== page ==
Matthew Kendig began photographing ‘Air Rats’ in 2012, finding some on his own and being pointed to others. Together, the artist and Matthew have documented the aging of the figures, or even their disappearances. By moving these childhood toys with new skins out into the world, and onto the streets, the AirRat is akin to the "Hand of God," a term used in the Lego world for when a physical hand moves around Legos within a playscape.
Based on the endurance and resilience of the “city dove” or common pigeon found in any city and also likened to ‘Air Rats’ for their prevalence, the AirRat character was born in 2009. Driven by the desire to have a more dynamic form to use in the streets, the figurine was created from the manipulation of 75 childhood toys by adding beaks onto the classic shape of a Lego man.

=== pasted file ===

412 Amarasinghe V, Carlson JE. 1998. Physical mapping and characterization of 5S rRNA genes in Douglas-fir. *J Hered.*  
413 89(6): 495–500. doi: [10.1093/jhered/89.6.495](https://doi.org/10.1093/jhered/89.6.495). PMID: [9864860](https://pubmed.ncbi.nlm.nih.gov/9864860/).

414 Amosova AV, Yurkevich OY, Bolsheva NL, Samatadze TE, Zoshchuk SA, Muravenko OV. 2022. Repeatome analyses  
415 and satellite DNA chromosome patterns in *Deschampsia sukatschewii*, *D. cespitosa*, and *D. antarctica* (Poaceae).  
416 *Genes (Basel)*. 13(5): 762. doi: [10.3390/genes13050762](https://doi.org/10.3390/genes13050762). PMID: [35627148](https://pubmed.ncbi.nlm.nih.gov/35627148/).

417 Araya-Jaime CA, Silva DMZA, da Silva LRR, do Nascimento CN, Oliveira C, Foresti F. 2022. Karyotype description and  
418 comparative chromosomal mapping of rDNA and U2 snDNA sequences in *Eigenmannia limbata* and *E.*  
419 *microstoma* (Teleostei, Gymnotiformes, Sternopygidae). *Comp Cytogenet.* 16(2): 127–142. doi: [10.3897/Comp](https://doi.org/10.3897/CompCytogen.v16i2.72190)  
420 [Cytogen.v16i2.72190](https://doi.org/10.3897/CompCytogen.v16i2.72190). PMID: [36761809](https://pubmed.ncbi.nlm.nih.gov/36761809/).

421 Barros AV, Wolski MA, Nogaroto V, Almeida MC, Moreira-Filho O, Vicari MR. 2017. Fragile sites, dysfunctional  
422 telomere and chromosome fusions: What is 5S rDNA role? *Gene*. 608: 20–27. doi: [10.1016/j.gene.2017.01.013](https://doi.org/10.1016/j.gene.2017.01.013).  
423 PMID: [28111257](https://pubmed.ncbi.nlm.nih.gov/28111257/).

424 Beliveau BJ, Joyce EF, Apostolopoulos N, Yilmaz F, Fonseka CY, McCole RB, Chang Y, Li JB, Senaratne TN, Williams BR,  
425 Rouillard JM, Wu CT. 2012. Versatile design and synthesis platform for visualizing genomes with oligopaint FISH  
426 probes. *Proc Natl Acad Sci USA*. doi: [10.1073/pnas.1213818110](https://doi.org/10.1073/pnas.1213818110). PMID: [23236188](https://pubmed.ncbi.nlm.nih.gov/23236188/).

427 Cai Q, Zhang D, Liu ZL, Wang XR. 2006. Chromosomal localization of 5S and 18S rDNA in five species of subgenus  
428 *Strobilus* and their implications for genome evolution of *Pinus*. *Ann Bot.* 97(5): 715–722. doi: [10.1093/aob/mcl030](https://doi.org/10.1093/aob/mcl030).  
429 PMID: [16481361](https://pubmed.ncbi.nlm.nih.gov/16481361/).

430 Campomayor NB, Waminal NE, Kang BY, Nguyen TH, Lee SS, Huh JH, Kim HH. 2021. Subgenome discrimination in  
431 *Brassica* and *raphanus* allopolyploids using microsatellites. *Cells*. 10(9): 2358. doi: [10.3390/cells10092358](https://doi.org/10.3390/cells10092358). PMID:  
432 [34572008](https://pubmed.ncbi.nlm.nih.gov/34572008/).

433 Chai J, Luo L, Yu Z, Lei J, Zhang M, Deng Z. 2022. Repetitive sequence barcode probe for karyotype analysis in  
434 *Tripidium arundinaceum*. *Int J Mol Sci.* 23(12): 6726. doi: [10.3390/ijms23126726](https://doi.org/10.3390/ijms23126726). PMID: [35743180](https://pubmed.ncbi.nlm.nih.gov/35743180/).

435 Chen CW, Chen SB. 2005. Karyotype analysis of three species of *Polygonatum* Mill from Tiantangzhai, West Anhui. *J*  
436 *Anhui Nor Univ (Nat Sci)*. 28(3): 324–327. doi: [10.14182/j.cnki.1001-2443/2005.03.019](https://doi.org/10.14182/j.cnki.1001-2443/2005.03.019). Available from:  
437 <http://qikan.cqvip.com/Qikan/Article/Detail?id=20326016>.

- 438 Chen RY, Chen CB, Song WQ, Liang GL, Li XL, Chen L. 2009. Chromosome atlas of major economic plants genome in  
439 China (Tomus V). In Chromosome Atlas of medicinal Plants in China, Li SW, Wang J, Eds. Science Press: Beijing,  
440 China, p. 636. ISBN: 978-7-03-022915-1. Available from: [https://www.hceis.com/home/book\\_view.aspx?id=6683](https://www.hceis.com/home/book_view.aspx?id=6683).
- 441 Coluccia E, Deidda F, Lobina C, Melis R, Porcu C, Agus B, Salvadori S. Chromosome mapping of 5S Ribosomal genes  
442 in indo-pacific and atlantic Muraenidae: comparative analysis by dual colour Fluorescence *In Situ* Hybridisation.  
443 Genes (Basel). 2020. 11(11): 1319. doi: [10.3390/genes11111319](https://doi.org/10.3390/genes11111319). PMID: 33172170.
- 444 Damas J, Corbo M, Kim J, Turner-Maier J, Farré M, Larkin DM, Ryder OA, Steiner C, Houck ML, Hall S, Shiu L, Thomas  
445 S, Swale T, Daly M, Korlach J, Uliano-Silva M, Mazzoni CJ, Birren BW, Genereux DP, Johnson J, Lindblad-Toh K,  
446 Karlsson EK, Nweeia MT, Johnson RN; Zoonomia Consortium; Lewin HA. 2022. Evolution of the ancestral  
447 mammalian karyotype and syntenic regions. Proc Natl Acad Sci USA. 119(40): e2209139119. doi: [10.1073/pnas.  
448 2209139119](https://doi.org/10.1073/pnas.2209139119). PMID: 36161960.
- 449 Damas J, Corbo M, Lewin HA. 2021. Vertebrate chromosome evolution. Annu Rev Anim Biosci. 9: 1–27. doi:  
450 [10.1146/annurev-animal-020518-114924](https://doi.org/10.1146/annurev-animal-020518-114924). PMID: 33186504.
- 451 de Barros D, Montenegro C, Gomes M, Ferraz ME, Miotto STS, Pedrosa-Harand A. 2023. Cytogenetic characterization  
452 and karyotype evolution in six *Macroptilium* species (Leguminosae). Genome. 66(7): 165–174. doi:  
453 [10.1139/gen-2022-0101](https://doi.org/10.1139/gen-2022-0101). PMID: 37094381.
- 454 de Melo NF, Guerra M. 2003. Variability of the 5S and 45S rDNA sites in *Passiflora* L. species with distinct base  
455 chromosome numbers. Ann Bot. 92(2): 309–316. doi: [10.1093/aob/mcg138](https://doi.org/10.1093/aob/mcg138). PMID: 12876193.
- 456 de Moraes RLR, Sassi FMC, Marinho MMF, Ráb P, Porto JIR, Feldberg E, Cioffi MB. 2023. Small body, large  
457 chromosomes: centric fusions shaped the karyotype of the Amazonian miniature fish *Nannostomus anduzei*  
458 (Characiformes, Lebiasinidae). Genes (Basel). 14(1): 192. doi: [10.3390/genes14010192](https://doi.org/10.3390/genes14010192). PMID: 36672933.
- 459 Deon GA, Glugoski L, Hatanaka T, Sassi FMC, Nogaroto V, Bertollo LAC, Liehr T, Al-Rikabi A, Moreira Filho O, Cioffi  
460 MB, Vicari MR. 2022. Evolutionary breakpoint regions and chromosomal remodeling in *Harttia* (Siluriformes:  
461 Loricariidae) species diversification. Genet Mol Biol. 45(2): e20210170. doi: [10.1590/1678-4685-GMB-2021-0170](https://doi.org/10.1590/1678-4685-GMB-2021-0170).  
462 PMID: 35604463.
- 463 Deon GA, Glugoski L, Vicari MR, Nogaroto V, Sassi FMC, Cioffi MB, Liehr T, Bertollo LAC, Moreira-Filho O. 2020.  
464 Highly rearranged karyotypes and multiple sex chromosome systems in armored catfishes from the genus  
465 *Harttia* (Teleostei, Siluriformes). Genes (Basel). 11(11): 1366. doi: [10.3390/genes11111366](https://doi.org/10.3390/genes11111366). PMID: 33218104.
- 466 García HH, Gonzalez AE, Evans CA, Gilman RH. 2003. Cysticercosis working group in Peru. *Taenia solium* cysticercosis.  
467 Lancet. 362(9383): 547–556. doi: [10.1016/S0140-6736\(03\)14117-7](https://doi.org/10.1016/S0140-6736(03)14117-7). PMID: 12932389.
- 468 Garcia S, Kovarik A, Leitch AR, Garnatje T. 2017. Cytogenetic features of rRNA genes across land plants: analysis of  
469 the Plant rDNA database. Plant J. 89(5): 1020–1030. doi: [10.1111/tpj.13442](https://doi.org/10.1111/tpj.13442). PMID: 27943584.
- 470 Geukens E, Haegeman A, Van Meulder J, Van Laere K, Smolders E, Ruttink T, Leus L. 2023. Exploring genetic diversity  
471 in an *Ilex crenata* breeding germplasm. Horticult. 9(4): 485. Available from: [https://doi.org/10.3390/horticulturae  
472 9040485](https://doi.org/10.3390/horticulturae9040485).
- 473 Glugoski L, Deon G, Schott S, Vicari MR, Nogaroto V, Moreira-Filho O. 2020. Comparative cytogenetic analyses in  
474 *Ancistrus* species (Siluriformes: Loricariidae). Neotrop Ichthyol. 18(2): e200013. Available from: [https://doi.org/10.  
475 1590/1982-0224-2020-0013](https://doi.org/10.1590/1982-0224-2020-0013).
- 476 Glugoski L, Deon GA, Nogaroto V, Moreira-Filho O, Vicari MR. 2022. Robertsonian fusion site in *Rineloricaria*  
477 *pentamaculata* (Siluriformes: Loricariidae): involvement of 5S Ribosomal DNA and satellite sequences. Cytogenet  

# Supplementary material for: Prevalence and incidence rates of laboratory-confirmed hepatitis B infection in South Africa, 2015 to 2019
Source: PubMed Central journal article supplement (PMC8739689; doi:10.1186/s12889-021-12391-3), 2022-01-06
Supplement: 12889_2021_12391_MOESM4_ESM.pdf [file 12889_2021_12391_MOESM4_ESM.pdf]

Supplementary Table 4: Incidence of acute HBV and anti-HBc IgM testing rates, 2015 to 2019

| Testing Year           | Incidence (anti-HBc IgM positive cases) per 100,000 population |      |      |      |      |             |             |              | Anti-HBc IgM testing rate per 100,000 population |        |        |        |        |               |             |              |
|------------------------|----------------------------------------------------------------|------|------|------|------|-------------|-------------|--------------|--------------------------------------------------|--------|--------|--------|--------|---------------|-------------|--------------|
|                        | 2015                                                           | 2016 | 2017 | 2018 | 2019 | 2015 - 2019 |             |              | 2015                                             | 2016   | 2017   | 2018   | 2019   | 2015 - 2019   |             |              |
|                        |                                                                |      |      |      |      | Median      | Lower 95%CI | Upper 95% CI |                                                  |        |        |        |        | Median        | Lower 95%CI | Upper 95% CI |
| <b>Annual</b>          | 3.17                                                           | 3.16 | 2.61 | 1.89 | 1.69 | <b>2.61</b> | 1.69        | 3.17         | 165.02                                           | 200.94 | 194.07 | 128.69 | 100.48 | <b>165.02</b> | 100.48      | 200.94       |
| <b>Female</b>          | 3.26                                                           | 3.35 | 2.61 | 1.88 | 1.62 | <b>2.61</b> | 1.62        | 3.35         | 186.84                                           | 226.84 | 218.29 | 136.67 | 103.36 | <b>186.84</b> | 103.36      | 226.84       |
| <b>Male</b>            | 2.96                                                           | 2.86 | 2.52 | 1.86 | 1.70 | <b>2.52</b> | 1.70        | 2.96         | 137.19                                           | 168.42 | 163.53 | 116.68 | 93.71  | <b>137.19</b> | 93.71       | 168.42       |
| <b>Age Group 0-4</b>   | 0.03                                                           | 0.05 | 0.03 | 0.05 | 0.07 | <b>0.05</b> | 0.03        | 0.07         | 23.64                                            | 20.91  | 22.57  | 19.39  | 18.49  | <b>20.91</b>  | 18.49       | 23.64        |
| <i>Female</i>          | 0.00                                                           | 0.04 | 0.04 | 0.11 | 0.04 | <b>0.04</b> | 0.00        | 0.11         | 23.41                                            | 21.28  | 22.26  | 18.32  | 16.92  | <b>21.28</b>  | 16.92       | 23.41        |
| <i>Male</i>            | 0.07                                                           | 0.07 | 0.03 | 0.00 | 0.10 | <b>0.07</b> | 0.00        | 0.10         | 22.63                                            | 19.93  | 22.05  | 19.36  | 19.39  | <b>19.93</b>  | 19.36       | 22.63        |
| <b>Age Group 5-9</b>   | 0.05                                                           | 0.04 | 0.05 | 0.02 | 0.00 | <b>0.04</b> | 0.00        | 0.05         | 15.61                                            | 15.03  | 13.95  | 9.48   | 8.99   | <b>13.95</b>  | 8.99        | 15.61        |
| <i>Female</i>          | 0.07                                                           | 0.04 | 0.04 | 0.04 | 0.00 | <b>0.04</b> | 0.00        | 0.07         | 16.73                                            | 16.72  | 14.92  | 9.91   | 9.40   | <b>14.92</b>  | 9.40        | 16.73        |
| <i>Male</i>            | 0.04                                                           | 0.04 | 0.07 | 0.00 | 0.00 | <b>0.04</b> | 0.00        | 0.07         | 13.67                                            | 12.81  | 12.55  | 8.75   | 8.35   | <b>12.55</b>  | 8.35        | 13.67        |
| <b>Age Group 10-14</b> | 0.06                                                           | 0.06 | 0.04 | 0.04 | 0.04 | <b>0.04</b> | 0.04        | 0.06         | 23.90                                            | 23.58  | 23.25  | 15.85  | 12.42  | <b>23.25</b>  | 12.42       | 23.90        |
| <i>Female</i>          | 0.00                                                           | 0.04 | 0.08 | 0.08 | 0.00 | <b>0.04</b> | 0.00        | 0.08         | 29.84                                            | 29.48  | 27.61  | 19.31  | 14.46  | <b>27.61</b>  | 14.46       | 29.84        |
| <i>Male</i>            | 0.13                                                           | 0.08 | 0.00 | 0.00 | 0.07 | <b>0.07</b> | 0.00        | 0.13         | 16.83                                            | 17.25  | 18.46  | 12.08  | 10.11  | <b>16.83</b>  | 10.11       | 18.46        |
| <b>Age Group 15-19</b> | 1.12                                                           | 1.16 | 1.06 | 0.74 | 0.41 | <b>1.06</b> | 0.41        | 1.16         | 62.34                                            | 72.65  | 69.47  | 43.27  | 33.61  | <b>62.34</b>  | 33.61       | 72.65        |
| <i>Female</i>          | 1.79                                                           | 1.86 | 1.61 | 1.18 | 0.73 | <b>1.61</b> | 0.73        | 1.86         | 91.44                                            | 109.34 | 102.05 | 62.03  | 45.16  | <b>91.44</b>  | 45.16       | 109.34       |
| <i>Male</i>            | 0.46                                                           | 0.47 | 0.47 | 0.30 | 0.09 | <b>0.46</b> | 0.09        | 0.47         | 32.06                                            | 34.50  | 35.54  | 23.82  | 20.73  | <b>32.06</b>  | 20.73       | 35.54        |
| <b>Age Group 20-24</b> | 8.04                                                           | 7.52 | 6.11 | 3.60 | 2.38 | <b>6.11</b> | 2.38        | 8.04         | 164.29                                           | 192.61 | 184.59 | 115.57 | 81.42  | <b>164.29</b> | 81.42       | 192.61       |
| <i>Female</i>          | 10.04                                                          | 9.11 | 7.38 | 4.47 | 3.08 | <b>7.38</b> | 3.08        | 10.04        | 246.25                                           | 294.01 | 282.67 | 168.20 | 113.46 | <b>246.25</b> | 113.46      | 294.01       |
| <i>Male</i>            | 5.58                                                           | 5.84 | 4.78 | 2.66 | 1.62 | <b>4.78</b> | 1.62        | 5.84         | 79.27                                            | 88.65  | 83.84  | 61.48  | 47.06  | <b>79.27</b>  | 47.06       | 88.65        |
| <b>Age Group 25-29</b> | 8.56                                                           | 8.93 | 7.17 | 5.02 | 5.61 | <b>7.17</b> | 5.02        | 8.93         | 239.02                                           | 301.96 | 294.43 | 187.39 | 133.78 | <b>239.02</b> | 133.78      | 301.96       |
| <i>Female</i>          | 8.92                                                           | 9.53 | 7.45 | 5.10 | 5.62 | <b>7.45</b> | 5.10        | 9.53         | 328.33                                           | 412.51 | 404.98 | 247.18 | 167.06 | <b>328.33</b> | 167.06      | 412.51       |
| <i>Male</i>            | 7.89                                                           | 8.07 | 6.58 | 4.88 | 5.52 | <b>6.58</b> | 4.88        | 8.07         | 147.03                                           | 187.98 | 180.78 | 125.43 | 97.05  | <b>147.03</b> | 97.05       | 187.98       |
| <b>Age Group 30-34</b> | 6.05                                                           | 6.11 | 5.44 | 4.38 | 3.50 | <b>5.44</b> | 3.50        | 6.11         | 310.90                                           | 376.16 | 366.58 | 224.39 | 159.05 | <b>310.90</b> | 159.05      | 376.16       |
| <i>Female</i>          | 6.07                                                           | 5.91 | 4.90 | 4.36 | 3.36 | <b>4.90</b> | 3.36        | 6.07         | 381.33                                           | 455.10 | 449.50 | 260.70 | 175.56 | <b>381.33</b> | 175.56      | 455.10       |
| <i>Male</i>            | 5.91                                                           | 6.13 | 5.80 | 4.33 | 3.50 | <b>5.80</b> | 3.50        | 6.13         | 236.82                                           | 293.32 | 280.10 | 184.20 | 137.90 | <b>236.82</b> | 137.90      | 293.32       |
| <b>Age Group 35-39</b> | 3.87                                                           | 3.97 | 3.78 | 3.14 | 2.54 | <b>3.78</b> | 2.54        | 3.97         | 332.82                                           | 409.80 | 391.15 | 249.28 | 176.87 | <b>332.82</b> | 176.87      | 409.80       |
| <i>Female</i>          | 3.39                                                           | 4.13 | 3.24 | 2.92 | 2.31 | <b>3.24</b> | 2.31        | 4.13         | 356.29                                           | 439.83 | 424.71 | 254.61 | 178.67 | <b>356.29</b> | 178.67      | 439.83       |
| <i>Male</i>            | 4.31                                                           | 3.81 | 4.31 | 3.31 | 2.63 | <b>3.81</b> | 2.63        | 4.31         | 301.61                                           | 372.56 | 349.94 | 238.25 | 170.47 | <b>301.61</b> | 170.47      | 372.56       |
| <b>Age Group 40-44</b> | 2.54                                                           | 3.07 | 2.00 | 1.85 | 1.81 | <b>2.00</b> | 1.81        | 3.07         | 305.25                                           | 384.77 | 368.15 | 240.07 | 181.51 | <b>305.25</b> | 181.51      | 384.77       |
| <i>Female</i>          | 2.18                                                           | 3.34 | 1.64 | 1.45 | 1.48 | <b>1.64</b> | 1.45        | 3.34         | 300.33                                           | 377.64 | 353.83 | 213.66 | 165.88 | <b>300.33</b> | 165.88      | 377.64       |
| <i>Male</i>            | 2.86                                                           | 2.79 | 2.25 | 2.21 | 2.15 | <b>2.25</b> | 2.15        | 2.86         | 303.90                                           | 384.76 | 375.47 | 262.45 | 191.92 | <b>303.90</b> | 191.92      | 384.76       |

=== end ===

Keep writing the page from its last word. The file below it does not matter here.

To achieve multiples, these reincarnated figures were cast from molds, thus enabling more custom transformations with the use of resin dyes making their colors more vibrant, but also allowing for nature to weather their forms. These figures are placed in visible locations, but also in secret, hiding spots, hidden from the world.